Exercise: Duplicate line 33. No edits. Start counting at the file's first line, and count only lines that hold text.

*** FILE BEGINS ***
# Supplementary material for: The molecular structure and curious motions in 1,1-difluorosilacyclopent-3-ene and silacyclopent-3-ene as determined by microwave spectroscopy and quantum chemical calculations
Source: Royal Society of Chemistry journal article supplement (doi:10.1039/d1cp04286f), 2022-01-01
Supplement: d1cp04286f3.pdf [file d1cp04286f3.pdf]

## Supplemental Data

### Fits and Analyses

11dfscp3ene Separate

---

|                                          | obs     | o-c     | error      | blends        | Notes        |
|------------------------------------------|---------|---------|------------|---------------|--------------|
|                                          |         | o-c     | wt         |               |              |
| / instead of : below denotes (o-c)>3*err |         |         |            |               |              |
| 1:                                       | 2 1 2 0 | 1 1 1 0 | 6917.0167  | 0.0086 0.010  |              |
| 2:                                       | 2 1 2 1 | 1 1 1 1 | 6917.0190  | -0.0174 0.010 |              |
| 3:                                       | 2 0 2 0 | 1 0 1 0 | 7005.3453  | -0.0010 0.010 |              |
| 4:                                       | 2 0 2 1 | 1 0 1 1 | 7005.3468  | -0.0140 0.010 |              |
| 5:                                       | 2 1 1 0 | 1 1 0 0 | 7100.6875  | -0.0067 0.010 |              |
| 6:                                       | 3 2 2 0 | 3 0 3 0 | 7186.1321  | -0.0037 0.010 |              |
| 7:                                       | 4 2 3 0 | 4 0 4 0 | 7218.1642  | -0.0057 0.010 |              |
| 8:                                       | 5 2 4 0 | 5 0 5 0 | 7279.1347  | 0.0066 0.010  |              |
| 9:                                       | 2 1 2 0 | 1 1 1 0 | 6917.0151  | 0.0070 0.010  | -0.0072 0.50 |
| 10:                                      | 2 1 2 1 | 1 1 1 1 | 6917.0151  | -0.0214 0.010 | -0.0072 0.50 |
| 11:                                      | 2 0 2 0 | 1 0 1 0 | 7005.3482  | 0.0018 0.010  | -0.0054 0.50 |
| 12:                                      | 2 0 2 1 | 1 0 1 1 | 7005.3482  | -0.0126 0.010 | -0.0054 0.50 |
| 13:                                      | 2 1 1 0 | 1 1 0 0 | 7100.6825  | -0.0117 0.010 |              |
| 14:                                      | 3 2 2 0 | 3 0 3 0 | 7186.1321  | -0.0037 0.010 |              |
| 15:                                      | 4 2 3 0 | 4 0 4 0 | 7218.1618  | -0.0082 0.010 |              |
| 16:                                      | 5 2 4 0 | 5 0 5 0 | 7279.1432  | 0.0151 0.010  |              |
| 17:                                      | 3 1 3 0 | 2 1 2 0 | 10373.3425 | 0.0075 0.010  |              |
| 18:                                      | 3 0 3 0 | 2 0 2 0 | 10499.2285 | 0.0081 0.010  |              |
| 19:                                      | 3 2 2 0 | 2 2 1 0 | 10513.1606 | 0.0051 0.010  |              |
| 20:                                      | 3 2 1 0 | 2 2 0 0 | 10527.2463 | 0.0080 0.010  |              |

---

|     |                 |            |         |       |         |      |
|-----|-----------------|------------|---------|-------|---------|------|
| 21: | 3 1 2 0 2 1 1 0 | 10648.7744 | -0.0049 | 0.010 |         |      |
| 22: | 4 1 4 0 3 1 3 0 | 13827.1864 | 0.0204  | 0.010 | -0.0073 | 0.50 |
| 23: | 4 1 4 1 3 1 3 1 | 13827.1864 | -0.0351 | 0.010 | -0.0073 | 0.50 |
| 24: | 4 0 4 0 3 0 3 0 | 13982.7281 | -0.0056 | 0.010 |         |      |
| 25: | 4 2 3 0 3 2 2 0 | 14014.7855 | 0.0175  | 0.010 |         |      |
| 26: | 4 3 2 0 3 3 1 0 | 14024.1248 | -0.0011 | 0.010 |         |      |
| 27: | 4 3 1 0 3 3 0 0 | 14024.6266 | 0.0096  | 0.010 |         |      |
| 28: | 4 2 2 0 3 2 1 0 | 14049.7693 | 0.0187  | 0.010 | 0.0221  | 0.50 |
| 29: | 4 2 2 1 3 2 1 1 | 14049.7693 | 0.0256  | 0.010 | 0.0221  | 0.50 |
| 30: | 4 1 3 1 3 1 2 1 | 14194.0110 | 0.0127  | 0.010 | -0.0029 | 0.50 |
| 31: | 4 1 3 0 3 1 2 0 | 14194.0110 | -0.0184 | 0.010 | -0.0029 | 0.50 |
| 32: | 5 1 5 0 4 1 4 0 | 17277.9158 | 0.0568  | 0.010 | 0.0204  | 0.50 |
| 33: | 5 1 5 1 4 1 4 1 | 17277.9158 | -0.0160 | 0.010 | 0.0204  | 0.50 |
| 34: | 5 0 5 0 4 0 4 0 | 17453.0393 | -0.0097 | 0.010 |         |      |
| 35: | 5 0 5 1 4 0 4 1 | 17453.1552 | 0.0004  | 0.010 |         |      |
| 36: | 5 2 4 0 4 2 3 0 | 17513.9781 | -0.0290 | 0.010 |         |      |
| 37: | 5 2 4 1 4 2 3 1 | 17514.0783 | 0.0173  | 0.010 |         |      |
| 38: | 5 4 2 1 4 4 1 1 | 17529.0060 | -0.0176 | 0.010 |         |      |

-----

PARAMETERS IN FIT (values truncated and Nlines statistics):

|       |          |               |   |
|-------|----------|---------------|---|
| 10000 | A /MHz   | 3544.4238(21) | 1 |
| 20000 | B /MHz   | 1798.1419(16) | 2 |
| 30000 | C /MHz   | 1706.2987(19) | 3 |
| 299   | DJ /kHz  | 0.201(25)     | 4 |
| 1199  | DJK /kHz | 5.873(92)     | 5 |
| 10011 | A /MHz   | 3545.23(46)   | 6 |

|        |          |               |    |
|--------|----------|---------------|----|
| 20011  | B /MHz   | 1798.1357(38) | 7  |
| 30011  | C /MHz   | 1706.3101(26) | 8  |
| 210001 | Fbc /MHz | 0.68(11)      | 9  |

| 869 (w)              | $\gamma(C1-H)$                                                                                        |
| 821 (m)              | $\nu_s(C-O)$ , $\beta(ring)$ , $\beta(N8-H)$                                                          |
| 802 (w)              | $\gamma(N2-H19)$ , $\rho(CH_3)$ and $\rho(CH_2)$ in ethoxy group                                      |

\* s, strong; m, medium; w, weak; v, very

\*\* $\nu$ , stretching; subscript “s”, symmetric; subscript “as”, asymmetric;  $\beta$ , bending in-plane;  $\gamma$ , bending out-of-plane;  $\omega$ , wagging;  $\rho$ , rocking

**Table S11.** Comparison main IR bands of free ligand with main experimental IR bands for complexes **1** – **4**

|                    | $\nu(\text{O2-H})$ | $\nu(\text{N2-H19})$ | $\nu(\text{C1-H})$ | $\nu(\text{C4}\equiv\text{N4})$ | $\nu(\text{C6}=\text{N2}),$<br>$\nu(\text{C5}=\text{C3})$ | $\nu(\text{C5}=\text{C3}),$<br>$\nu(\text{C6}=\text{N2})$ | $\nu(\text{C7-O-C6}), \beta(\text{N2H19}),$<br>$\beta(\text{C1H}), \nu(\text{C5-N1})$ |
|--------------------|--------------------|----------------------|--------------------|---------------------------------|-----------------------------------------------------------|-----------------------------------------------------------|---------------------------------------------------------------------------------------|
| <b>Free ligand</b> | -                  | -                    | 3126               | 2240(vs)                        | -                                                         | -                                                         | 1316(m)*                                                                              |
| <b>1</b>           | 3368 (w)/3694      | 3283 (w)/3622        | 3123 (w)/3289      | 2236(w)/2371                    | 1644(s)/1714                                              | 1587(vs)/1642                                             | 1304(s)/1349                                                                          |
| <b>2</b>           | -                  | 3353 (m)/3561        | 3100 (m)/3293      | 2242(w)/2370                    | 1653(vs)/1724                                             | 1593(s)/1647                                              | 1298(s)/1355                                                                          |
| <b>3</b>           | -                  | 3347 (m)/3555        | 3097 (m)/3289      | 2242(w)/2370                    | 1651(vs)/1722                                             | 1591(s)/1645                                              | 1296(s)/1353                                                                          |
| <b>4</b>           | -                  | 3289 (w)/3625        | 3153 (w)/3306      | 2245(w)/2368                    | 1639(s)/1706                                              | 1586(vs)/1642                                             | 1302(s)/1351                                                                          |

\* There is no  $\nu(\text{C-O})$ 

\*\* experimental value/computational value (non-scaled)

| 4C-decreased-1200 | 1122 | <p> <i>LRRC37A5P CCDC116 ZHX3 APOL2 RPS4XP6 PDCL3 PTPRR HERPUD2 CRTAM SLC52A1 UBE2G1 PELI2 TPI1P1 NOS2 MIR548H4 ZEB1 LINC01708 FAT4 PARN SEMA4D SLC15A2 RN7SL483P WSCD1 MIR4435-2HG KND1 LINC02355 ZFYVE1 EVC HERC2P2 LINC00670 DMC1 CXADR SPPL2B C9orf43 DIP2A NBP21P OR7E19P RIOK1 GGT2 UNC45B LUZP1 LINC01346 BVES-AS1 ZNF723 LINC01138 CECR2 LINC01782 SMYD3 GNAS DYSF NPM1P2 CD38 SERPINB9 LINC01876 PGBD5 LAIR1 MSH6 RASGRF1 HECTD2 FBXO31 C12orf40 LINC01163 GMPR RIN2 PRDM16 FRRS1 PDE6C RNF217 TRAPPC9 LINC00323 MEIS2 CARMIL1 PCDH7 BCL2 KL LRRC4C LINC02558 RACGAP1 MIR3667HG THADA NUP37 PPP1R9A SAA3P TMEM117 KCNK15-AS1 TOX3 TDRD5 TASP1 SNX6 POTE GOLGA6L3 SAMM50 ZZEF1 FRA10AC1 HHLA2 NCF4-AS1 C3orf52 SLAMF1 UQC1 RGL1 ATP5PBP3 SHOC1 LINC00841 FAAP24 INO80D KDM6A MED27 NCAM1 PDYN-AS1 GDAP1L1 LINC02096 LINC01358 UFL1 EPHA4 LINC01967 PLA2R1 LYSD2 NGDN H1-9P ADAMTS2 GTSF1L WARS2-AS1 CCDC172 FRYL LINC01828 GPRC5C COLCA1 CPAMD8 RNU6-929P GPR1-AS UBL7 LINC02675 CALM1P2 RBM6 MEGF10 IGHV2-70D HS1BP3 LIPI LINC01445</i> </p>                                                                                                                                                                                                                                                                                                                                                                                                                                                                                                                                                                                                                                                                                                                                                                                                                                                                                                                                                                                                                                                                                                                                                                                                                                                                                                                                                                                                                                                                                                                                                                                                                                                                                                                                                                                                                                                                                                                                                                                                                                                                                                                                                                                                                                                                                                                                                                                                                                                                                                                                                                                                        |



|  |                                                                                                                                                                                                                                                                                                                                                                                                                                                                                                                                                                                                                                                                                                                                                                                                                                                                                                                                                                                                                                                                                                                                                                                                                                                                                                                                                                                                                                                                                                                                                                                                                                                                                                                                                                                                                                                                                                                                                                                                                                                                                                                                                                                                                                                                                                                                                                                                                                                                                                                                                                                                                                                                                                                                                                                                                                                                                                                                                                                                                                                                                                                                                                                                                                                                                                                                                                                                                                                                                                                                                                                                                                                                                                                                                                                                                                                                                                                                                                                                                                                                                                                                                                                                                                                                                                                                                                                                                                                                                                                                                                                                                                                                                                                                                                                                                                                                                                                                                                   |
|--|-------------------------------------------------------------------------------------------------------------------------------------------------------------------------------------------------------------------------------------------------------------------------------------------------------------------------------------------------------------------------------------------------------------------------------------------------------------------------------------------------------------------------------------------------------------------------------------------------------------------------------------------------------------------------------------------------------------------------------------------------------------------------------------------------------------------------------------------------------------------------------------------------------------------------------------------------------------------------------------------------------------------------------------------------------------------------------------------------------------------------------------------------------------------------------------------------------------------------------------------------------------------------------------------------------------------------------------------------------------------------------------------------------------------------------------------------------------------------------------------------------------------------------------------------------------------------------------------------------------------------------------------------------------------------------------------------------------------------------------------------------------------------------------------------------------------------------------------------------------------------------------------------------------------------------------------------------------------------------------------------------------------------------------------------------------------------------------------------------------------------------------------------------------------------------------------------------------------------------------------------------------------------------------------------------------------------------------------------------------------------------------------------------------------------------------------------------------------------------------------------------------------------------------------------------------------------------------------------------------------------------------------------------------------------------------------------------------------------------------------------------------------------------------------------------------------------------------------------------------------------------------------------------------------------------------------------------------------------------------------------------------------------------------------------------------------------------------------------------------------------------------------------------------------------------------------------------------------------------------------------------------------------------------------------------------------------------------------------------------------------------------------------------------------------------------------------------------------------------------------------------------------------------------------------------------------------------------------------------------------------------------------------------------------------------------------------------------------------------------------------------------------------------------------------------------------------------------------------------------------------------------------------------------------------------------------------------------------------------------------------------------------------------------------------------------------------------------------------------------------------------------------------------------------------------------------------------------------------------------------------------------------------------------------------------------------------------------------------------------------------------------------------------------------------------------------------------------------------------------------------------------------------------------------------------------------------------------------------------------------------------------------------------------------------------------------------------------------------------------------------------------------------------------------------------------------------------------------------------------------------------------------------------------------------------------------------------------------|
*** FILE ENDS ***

|     |                 |            |         |       |         |      |